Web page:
Friday, March 13, 2009

holy cow: the live and times of the wagyu.

a new feature! bet you've been on the edge of your seats for this one, eh?

i thought i'd open up by telling the story of a wagyu cow, the super special breed that results in the famous kobe beef.

once upon a time, in the secluded Hyogo Prefecture of japan, a breed of cow called Wagyu lived happily and peacefully.

(image source:

many, many centuries ago, these cows were primarily used to cultivate rice. during the order of the shogun (from 1635 to 1838), the japanese were prohibited from eating any four-legged animals and the herds of wagyu cattle became closed and secluded. for the most part, this breed has remained closed until this day.

pure wagyu cows are still living a happy and peaceful life in japan, surviving on a diet of grain fodder, sake and beer* and massaged and brushed to keep them beautiful and mellow creatures.

since then, wagyus have done some international travel, coming to america and australia to enjoy their life. the feeding and care practices remain fairly similar to those of their japanese relatives, but the american-raised kobe cows are kind of like their neglected stepchildren. us americans don't believe that the emotional state of the animal makes for better meat, so the massages have gone by the wayside. shouldn't mrs. obama in all of her foodie goodness bring that back? we need more jobs, people! and who wouldn't want to be a cow masseuse? american kobe cattle are often cross-bred with angus cattle, which is why it is often refered to as "kobe-style" instead of just kobe (think: champagne vs. sparkling wine?)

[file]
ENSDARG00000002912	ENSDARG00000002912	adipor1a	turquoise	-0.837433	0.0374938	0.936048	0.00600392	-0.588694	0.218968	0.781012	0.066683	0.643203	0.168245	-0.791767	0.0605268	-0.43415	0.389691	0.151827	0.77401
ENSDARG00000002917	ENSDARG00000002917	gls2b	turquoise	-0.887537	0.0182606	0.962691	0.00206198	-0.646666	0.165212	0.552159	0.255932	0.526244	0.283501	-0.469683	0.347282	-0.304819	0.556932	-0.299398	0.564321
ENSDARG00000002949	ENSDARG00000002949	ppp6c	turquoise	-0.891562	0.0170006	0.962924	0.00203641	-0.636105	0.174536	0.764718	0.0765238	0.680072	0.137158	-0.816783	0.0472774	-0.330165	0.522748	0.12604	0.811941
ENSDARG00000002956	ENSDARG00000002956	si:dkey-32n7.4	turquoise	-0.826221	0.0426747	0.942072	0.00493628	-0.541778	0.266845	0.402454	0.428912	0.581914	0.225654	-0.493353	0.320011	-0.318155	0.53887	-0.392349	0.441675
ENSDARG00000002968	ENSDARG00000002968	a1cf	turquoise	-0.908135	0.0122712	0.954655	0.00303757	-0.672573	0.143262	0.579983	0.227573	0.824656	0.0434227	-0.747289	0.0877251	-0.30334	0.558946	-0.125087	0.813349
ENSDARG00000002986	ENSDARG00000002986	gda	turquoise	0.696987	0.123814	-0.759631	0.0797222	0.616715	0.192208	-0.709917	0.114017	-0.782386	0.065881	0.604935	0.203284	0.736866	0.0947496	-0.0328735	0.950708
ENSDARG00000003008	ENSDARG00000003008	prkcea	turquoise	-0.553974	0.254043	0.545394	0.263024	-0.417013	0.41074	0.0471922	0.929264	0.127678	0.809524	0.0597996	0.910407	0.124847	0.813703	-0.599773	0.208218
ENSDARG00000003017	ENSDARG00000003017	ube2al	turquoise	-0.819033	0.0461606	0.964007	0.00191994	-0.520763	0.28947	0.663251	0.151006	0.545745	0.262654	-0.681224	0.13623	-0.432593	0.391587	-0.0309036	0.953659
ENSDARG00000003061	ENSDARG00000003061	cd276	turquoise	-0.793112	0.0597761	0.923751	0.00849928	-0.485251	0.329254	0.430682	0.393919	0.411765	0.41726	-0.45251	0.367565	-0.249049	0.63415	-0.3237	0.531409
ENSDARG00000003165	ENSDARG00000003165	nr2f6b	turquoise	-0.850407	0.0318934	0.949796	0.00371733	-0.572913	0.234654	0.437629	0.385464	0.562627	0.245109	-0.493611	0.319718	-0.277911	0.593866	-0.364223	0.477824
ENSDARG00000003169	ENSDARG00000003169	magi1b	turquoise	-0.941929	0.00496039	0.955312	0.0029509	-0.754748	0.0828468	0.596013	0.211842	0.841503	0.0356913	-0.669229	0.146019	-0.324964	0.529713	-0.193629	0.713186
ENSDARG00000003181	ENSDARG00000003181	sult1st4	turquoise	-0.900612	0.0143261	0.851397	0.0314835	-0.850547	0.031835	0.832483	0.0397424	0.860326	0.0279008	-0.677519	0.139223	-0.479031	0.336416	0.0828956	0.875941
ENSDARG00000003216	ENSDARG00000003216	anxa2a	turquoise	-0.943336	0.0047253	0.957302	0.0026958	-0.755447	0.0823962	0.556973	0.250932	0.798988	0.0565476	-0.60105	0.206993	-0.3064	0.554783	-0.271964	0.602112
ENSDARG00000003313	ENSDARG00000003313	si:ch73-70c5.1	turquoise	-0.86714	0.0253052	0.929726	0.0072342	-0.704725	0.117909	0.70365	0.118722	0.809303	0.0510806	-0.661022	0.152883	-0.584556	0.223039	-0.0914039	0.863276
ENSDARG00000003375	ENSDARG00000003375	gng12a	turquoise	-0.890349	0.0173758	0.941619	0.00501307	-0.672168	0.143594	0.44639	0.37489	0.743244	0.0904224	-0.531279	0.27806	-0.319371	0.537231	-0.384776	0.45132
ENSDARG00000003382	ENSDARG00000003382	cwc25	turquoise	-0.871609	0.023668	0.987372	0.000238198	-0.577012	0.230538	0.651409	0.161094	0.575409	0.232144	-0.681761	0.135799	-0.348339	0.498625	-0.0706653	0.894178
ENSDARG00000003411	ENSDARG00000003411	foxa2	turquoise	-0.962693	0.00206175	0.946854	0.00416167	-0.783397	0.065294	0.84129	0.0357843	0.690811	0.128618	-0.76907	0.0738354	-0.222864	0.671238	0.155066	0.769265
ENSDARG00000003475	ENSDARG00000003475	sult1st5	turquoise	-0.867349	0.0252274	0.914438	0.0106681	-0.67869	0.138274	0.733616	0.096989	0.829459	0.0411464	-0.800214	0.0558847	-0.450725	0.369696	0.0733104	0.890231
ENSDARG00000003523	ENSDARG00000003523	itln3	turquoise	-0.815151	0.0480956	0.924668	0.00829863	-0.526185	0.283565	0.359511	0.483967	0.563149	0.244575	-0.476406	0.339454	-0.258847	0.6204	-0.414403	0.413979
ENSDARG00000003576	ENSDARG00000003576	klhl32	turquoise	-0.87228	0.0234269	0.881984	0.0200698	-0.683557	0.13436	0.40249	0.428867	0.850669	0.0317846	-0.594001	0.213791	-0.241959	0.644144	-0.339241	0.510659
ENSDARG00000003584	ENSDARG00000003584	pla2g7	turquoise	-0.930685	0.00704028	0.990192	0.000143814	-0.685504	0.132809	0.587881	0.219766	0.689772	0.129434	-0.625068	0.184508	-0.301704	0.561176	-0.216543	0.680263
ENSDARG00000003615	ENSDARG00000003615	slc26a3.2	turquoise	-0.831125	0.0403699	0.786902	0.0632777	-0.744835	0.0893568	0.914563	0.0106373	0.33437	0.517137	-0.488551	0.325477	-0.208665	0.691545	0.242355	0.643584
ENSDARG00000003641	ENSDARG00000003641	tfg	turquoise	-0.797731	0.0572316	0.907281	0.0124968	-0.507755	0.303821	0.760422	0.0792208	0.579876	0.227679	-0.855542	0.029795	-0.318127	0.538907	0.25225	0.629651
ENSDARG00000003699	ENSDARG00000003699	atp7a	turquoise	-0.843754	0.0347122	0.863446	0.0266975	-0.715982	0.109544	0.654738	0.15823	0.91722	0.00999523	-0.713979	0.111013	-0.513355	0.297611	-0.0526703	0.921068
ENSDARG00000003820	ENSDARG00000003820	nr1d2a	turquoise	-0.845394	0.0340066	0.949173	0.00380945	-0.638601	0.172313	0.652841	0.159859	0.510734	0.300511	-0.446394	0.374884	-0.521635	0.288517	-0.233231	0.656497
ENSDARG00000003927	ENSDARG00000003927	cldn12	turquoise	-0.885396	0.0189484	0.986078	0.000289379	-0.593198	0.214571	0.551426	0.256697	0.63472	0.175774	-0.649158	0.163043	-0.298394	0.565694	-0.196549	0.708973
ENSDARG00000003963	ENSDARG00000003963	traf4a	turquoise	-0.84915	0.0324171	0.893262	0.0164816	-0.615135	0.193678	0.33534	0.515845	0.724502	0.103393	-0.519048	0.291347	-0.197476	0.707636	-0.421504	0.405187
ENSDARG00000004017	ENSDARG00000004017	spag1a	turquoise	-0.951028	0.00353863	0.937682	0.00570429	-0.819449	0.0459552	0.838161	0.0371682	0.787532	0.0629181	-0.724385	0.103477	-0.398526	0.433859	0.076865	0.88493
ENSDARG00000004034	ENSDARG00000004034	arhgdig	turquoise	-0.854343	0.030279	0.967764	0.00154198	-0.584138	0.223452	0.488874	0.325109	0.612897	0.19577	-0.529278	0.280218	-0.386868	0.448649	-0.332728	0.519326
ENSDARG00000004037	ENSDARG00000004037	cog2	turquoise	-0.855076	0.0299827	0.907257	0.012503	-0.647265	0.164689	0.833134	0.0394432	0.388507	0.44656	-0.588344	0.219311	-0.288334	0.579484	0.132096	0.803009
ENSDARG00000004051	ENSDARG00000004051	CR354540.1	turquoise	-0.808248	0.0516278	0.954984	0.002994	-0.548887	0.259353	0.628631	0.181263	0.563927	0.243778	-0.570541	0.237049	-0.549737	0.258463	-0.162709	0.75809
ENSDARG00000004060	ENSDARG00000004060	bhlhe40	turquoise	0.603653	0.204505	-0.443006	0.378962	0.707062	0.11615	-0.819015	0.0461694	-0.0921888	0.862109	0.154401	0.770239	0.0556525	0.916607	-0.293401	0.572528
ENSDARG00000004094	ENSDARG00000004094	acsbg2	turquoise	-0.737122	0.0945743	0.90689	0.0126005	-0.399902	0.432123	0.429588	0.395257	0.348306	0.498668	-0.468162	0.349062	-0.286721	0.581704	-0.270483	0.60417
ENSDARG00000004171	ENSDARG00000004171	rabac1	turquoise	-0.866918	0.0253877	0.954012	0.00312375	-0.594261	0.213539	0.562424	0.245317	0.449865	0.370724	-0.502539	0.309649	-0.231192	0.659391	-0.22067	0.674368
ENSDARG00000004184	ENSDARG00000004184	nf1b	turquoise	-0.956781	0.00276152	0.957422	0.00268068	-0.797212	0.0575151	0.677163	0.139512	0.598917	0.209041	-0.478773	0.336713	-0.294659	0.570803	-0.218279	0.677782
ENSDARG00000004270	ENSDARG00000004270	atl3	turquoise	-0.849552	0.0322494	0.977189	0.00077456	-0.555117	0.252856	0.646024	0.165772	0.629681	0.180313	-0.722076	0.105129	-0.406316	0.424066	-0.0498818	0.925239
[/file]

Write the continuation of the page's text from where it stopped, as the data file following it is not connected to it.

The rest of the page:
so, does the extreme care that the japanese take change the taste of the beef? or is american (or australian) kobe-style comparable? so many questions.

*why beer, you ask? to help keep cows relaxed and happy? think again. the cows are fed one bottle of beer a day during the cold months of the year to stimulate their appetites. if they are eating normally, no beer for them! makes me wonder, is this an ethical practice? or only steps away from fois gras?

(thanks to the meat man and wikipedia for their assistance in sharing this story.)

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